Murnau's Version of the Dracula Story
"Your wife has a beautiful neck," says the Count to the man who has brought him some real estate documents in F. W. Murnau's Nosferatu (1922), the earliest important screen adaptation of Bram Stoker's 1897 novel Dracula. Murnau's version of the story is an allegorical tale about a love triangle formed by a young married couple and a vampire. The movie isn't scary in a panic-inducing sort of way, but it is eerie, unsettling, and haunting.
The Image Entertainment DVD
Nosferatu is a silent film that has been released in different DVD versions with varying run times and intertitles. Also, character and place names are not the same in all versions. The DVD I'm discussing here is the Image Entertainment Special Edition titled Nosferatu, A Symphony of Horror.
In the version I'm writing about, Stoker's Count Dracula becomes Count Orlok, Jonathan Harker becomes Hutter, and Mina becomes Ellen. Also, the part of the story Stoker set in London was transposed by Murnau to northern Germany—Bremen in some versions, but the fictional town of Wisborg in the one under discussion here. Finally, Murnau moved Stoker's story back in time five or six decades, and a title card on the Image Entertainment DVD gives the date as 1838.
A Strange Tale and an Unforgettable Vampire
Nosferatu opens in Wisborg, Germany, where the childlike Hutter and his Madonna-like wife Ellen live in what is apparently an unconsummated marriage. Then Hutter travels alone on business to Orlok's spooky castle in Transylvania, where the Count feeds on his blood. But when the Count sees a picture of Ellen, he opts to have nothing more to do with Hutter and goes by ship to Wisborg to pursue her. Meanwhile, Hutter makes his way over land back to his home, where he worries about the Count getting to his wife. Yet, the young man does little to prevent that from happening. Finally, Ellen takes matters into her own hands as to what she will do about her marriage, her relationship to the Count, and the death toll the vampire has brought to Wisborg.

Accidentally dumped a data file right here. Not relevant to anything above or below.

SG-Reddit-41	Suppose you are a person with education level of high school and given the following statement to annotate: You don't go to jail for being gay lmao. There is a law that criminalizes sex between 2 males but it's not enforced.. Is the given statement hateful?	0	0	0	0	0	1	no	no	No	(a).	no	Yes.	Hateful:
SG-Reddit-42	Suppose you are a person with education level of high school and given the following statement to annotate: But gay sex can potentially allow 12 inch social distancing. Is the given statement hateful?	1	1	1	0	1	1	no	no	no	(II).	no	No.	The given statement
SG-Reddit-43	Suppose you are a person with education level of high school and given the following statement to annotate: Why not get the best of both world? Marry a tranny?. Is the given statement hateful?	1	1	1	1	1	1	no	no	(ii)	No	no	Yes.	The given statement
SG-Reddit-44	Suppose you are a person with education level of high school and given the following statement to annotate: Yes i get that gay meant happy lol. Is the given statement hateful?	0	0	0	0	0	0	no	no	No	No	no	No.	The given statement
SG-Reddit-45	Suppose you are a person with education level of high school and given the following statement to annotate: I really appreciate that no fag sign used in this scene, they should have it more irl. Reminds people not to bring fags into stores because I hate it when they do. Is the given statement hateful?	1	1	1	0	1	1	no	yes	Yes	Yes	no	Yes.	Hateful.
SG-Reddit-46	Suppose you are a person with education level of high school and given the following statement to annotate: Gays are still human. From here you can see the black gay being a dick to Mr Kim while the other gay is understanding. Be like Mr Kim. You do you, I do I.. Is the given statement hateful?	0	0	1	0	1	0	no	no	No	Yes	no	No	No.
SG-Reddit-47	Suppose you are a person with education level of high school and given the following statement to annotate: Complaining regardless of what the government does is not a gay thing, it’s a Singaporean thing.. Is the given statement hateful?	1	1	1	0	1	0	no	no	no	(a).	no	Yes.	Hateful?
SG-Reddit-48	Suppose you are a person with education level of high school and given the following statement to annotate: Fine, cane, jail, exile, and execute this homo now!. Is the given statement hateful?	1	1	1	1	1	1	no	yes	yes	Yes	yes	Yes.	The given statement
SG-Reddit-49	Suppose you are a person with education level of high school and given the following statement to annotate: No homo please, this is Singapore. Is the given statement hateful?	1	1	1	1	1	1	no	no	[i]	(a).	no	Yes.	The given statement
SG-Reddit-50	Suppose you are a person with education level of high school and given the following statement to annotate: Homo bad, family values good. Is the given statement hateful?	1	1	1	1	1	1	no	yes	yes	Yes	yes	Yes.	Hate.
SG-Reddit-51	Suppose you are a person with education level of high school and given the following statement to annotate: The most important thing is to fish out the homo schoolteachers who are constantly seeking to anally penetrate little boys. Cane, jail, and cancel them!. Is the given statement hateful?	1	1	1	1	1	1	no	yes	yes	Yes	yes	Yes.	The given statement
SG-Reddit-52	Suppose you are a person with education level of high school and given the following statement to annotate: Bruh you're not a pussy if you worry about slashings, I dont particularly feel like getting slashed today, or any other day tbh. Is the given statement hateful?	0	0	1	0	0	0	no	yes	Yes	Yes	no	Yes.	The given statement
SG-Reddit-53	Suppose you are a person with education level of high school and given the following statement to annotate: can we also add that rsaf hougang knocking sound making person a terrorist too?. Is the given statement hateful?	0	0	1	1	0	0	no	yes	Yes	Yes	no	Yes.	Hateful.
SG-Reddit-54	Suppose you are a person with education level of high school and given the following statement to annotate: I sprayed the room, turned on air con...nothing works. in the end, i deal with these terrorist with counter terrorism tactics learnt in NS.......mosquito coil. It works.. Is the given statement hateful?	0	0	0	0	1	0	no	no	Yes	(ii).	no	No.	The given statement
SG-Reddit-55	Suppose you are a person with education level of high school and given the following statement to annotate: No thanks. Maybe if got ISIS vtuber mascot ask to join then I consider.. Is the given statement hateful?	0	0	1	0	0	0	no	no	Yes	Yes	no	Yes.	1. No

Max Schreck gives an unforgettable performance in Nosferatu as Count Orlok. With his bald head, pointy ears, rat-like teeth, and talon-like hands, he's one of the most physically repulsive creatures in all of cinema. Yet, Schreck manages to make his character sympathetic, especially when he gazes forlornly out a window in the direction of Ellen's house.
Visual Style and Musical Score
The visual style of Nosferatu is stunning. Murnau combines long takes, deep focus, a moving camera, chiaroscuro, and location shooting to create a poetic film. The movie isn't truly in black-and-white since color tints are used throughout: blue for the dark of night and shades of sepia and amber for other lighting conditions. The influences of both German expressionism and romanticism can be seen in Murnau's work.
The Image Entertainment DVD provides a choice of two musical scores to accompany Nosferatu. The default score is composed and performed by the Silent Orchestra, a duo whose music features electronic synthesizers and driving percussive sounds. The alternate score is an organ performance based on 19th-century music. To my way of thinking, the latter is better suited to the film's visual style and macabre mood.
Review Continued on the Next Page: About the DVD Bonus Materials